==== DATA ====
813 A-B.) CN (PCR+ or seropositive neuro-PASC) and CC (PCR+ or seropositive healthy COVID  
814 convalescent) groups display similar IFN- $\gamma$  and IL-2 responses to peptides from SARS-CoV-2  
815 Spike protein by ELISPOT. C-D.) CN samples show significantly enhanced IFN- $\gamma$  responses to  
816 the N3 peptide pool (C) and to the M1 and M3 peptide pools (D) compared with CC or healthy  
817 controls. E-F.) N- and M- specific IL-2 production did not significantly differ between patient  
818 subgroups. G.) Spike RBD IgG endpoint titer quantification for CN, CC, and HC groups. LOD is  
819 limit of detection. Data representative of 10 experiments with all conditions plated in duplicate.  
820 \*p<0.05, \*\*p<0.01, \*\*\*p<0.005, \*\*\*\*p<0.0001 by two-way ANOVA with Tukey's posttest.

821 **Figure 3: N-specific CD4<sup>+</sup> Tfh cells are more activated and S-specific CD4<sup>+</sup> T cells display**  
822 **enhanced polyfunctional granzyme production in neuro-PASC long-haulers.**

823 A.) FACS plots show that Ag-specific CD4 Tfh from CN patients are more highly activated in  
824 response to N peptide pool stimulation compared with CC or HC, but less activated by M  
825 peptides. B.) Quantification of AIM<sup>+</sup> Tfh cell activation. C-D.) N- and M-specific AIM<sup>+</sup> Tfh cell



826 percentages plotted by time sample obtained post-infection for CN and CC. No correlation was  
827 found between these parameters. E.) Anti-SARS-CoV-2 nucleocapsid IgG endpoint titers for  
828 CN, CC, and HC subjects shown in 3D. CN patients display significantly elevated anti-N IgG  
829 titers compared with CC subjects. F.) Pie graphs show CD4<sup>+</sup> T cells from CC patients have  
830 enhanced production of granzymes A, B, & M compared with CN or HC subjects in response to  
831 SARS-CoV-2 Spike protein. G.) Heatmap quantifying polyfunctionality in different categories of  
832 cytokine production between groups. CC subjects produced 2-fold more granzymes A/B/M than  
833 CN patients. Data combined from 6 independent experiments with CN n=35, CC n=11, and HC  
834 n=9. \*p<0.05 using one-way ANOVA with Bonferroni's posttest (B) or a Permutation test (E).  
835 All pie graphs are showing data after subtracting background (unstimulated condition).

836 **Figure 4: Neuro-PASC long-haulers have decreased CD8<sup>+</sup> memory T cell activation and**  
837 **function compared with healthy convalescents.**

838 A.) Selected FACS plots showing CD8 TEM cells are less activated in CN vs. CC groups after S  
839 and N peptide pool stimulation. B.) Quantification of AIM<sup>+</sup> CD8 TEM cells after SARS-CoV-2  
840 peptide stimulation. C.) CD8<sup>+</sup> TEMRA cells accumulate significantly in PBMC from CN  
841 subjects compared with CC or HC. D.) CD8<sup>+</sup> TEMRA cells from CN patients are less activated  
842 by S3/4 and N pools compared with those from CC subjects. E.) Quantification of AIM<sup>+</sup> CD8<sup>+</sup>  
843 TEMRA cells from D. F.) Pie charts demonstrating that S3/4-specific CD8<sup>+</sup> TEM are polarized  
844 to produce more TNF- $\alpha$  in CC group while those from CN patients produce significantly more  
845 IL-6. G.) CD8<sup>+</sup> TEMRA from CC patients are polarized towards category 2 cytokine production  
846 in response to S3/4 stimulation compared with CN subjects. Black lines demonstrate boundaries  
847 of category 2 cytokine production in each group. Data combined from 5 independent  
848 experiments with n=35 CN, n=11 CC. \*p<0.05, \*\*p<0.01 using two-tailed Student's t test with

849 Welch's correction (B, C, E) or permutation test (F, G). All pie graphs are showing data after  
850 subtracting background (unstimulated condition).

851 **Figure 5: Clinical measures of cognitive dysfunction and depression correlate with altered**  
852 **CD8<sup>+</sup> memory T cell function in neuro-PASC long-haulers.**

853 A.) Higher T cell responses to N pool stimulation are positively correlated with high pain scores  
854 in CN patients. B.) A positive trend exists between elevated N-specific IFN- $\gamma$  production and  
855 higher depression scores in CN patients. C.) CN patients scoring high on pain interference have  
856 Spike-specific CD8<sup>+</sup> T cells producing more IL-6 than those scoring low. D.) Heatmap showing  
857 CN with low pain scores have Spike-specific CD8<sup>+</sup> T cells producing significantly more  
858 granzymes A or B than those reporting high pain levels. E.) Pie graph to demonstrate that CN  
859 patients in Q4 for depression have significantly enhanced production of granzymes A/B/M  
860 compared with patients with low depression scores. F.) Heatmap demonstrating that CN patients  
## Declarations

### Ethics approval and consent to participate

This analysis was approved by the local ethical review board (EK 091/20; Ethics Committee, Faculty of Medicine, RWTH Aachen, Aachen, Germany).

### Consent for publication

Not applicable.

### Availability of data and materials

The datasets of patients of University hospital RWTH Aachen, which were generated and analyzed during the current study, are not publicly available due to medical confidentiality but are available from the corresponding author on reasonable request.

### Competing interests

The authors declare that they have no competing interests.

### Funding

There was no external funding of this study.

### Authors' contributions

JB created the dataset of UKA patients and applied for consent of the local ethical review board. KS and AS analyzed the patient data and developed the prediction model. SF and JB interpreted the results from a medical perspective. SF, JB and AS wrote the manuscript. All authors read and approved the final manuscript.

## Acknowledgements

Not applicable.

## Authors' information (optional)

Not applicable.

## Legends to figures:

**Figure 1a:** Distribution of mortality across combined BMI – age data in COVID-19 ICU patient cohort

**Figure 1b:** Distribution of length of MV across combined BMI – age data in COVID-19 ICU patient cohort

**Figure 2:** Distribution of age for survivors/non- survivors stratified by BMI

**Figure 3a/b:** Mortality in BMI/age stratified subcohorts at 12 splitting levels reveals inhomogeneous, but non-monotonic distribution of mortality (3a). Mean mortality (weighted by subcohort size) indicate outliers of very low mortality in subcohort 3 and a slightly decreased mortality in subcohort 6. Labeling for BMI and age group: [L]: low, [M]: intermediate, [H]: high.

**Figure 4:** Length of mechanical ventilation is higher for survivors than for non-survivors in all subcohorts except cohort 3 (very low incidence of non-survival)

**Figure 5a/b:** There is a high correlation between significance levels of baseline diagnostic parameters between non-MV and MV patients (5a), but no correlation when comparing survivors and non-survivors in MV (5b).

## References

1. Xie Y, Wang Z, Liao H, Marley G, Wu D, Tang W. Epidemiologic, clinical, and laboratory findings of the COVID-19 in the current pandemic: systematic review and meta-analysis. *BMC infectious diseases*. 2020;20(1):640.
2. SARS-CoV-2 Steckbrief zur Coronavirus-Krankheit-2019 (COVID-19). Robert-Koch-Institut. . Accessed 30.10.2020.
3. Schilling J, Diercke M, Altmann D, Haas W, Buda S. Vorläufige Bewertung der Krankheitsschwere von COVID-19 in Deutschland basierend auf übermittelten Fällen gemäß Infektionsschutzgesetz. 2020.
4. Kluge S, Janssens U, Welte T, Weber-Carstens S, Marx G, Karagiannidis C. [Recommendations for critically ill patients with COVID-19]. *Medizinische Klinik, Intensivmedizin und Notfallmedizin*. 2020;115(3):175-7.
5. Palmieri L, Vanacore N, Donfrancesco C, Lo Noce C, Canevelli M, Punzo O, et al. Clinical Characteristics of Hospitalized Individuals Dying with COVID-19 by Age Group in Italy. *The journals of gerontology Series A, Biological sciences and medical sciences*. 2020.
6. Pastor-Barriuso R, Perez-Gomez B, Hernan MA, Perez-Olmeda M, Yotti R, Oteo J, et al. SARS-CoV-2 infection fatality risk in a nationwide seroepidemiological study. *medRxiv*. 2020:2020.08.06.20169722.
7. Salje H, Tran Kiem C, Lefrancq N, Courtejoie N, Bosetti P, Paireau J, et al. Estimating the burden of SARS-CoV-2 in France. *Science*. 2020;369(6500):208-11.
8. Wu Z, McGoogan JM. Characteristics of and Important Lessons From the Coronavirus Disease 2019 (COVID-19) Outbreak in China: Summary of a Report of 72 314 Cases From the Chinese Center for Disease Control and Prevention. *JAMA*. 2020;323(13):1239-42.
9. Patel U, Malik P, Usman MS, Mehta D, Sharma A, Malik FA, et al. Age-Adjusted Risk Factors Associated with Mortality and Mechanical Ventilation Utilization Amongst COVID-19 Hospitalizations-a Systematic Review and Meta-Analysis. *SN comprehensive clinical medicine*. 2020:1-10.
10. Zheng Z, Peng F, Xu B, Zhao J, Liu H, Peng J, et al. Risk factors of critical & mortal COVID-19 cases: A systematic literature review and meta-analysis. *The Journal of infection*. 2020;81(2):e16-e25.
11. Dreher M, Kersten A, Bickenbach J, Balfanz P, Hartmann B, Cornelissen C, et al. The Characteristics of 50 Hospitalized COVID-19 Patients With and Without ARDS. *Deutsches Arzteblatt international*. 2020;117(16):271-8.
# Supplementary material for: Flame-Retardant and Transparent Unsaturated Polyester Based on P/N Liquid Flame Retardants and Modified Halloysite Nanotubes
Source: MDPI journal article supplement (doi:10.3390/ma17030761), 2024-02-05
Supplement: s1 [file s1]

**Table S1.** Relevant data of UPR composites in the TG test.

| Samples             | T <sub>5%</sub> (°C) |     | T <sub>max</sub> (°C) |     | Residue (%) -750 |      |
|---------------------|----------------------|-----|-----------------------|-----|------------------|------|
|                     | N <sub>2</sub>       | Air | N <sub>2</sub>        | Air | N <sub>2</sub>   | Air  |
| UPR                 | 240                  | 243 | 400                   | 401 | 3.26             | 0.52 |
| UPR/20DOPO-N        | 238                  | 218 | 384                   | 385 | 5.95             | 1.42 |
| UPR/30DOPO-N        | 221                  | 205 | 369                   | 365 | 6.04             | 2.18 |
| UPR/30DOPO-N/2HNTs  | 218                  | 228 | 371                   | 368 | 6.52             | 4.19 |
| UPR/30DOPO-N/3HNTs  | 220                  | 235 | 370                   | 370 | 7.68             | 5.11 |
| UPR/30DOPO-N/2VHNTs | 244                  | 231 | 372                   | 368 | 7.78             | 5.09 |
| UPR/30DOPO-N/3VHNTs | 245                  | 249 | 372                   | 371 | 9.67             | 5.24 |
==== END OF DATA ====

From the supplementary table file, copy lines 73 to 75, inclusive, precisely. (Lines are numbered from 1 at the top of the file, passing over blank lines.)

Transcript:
## References

1. Xie Y, Wang Z, Liao H, Marley G, Wu D, Tang W. Epidemiologic, clinical, and laboratory findings of the COVID-19 in the current pandemic: systematic review and meta-analysis. *BMC infectious diseases*. 2020;20(1):640.
2. SARS-CoV-2 Steckbrief zur Coronavirus-Krankheit-2019 (COVID-19). Robert-Koch-Institut. . Accessed 30.10.2020.